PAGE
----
Shareholders will vote on executive pay packages. But the votes will not be binding. Companies could ignore them.

The Fed will oversee executive compensation to make sure it does not encourage excessive risk-taking. The Fed will issue broad guidelines but no specific rules. If a payout appeared to promote risky business practices, the Fed could intervene to block it.

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CREDIT RATING AGENCIES

Credit rating agencies that give recklessly bad advice could be legally liable for investor losses. They will have to register with the Securities and Exchange Commission.

Regulators will study the conflict of interest at the heart of the rating system: Credit raters are paid by the banks that issue the securities they rate. Before the crisis, they bowed to pressure from the banks, lawmakers say. That's why the agencies gave strong ratings to mortgage investments that were basically worthless.

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MORTGAGE LOANS

Lenders will have to make sure mortgage borrowers can afford to repay.

Lenders will have to disclose the highest payment borrowers could face on their adjustable-rate mortgages. Mortgage brokers could no longer receive bonuses for pushing people into high-cost loans.




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Trader disclosure: On June 25, 2010, the following stocks and commodities mentioned or intended to be mentioned on CNBC’s Fast Money were owned by the Fast Money traders; Kinahan owns (C); Kinahan owns (WFC) and short puts; Kinahan owns (AMTD); Kinahan owns (AXP); Kinahan is short (SPY) options; Finerman and Finerman’s Firm owns (AAPL); Finerman’s Firm owns (AEO); Finermans’ Firm owns (ANF); Finerman’s Firm owns (BAC) stock and calls; Finerman and Finerman’s Firm own (BAC) preferred; Finerman and Finerman’s Firm owns (BBY); Finerman owns (BP) calls; Finerman and Finerman’s Firm owns (C); Finerman and Finerman’s Firm own (CVS); Finerman owns (GLW); Finerman & Finerman’s Firm owns (GOOG); Finerman & Finerman’s Firm owns (HPQ); Finerman & Finerman’s Firm owns (IBM); Finerman & Finerman’s Firm owns (JPM) stock & calls; Finerman’s firm owns (PM); Finerman’s Firm owns (RIG); Finerman’s Firm owns (TGT); Finerman’s Firm owns (WMT); Finerman’s Firm is short (IJR); Finerman’s Firm is short (IWM); Finerman’s Firm is short (MOY); Finerman’s Firm is short (SPY); Edwards owns (PM)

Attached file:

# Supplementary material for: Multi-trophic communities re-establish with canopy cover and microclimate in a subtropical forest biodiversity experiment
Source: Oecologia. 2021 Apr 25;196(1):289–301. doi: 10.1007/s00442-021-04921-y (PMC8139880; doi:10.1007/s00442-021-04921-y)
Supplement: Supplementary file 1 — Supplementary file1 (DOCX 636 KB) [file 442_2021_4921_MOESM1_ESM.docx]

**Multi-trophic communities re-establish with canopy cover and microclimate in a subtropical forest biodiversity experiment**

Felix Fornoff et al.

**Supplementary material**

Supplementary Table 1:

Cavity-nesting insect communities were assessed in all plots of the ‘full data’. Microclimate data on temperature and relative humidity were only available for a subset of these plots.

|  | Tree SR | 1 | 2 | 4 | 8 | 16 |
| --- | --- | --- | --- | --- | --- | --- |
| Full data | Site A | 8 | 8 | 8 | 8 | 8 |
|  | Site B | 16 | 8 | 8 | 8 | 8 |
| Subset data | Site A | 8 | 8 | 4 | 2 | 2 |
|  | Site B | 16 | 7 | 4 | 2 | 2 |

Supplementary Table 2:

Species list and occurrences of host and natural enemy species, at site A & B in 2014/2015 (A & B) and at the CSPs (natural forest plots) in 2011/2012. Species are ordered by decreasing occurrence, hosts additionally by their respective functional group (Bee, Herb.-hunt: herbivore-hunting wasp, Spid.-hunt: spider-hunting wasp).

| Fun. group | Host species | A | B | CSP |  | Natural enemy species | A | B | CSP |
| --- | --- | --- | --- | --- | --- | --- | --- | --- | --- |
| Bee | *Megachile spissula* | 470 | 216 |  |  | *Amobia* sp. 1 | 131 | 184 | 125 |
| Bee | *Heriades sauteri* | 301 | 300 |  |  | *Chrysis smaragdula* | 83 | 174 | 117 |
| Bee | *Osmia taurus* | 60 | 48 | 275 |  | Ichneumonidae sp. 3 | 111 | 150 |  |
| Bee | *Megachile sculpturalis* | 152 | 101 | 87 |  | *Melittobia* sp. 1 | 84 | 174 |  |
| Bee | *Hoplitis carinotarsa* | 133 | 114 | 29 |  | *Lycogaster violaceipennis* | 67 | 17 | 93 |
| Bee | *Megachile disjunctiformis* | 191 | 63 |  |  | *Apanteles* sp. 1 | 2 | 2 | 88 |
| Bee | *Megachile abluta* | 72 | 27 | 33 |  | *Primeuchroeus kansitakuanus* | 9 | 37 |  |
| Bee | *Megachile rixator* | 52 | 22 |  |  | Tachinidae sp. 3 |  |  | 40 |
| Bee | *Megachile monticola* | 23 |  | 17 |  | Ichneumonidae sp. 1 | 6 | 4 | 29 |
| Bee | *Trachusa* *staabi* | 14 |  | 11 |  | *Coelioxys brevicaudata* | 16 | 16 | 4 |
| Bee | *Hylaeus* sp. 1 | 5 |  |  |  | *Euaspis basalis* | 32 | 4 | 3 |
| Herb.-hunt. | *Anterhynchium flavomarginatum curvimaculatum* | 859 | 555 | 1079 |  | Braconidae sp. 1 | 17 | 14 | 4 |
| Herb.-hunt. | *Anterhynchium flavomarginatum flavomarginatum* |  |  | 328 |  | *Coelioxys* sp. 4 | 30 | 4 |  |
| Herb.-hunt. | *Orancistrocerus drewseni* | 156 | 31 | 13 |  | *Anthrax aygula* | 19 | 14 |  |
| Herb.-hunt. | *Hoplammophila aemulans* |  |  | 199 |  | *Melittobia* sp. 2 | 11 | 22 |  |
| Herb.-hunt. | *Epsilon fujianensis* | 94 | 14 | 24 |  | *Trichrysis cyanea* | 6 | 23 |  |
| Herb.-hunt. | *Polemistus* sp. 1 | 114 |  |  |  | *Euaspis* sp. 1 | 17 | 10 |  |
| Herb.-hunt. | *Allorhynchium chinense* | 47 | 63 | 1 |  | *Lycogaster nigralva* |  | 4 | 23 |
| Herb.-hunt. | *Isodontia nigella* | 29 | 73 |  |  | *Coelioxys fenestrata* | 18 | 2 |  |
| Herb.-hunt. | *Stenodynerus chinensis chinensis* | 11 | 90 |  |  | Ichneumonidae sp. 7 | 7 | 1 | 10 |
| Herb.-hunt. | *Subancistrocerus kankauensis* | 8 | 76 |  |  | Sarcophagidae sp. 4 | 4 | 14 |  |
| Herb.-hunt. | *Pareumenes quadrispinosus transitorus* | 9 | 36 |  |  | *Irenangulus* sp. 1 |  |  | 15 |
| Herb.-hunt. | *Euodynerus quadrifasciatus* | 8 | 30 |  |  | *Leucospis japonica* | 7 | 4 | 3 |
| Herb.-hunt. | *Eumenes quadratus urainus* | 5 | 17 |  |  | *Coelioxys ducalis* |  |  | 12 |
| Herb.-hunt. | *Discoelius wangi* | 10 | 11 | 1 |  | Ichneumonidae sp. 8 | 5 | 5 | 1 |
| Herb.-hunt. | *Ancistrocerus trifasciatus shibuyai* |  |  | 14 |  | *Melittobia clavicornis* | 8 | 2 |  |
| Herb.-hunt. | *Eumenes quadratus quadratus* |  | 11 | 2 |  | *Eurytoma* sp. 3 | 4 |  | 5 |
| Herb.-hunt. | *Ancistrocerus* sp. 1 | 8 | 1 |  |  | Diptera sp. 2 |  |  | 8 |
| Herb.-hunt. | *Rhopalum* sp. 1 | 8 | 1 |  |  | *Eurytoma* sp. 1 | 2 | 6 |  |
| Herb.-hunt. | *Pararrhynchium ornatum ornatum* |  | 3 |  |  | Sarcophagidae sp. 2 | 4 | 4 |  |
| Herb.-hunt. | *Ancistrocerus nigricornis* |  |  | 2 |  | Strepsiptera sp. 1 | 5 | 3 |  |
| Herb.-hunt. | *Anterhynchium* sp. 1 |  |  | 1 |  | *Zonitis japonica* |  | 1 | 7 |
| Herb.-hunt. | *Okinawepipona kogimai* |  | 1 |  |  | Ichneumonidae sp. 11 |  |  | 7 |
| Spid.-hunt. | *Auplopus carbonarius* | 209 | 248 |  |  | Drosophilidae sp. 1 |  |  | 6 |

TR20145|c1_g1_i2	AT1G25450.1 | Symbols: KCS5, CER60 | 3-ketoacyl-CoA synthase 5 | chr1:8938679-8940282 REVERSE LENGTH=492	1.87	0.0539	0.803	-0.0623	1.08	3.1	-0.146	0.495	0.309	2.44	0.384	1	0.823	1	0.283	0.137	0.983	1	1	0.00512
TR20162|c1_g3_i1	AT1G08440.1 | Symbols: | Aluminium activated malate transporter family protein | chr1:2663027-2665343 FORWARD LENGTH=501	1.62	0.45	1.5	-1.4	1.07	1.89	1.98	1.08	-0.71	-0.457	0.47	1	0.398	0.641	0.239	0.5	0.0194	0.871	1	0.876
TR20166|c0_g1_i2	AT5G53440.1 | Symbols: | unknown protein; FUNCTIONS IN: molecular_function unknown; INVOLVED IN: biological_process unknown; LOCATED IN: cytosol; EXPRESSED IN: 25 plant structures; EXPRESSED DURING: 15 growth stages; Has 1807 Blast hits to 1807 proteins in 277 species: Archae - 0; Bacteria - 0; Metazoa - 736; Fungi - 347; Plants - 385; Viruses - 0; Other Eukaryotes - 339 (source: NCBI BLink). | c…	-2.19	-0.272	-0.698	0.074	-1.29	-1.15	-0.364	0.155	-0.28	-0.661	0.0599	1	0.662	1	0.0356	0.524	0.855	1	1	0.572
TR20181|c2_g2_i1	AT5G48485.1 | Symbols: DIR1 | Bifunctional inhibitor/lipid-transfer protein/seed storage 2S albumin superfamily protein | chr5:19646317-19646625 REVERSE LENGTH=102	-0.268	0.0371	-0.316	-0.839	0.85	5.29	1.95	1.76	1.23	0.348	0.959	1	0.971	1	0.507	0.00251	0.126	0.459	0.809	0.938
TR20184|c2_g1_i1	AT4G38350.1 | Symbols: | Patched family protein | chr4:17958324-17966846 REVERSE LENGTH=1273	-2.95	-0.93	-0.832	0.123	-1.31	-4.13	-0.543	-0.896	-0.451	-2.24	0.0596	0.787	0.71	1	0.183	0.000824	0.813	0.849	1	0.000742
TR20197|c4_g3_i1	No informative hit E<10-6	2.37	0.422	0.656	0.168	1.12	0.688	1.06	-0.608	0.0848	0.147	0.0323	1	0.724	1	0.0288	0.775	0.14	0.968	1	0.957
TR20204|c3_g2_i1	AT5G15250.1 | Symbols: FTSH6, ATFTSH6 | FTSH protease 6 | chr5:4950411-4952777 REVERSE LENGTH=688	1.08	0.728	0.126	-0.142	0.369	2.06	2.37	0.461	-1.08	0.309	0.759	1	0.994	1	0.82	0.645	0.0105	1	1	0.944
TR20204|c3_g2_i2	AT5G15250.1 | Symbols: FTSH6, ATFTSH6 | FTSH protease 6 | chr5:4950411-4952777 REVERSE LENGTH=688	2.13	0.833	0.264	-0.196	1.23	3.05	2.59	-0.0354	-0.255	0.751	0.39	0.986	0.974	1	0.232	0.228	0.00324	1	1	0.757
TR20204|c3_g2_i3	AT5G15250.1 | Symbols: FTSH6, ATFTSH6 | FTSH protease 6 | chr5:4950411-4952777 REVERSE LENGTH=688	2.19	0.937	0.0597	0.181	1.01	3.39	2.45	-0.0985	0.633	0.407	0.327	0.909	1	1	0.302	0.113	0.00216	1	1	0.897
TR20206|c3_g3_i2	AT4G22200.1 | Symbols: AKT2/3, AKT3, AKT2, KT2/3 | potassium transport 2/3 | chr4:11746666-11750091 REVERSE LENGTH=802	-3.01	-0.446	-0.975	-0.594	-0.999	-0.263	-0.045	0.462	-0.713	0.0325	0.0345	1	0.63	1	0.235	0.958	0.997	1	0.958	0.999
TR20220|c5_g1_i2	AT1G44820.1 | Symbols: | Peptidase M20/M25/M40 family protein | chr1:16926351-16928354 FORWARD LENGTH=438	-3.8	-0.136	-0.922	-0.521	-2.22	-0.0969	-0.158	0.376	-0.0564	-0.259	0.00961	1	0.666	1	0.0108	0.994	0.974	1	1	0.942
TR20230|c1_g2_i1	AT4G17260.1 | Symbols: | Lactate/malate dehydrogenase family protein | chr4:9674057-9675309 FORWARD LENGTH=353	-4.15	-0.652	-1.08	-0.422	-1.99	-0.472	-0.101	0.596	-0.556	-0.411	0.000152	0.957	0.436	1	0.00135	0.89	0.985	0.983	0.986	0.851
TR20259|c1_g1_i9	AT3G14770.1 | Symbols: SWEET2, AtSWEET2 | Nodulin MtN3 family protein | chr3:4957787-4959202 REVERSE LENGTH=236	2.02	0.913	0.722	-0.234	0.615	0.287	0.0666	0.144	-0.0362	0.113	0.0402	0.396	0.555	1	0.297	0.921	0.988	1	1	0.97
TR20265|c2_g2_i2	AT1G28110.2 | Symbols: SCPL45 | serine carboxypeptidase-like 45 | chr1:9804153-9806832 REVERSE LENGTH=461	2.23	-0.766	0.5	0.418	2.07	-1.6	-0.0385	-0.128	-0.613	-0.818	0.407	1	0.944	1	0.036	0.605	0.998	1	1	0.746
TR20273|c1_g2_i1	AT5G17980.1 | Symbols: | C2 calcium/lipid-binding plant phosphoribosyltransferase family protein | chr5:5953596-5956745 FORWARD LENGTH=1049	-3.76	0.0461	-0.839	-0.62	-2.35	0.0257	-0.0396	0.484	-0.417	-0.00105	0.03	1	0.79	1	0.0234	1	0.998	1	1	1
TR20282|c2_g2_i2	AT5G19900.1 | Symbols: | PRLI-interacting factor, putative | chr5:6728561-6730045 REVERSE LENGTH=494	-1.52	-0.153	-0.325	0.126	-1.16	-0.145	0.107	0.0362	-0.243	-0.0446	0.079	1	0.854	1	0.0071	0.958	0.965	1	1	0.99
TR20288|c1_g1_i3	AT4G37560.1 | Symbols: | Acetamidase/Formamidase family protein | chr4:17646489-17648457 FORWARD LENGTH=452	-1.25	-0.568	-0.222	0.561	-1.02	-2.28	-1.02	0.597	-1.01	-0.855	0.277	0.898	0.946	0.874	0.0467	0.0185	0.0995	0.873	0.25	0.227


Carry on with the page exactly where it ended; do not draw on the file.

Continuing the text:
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Michael Block
***No Disclosures***

Harvey Pitt
***No Disclosures***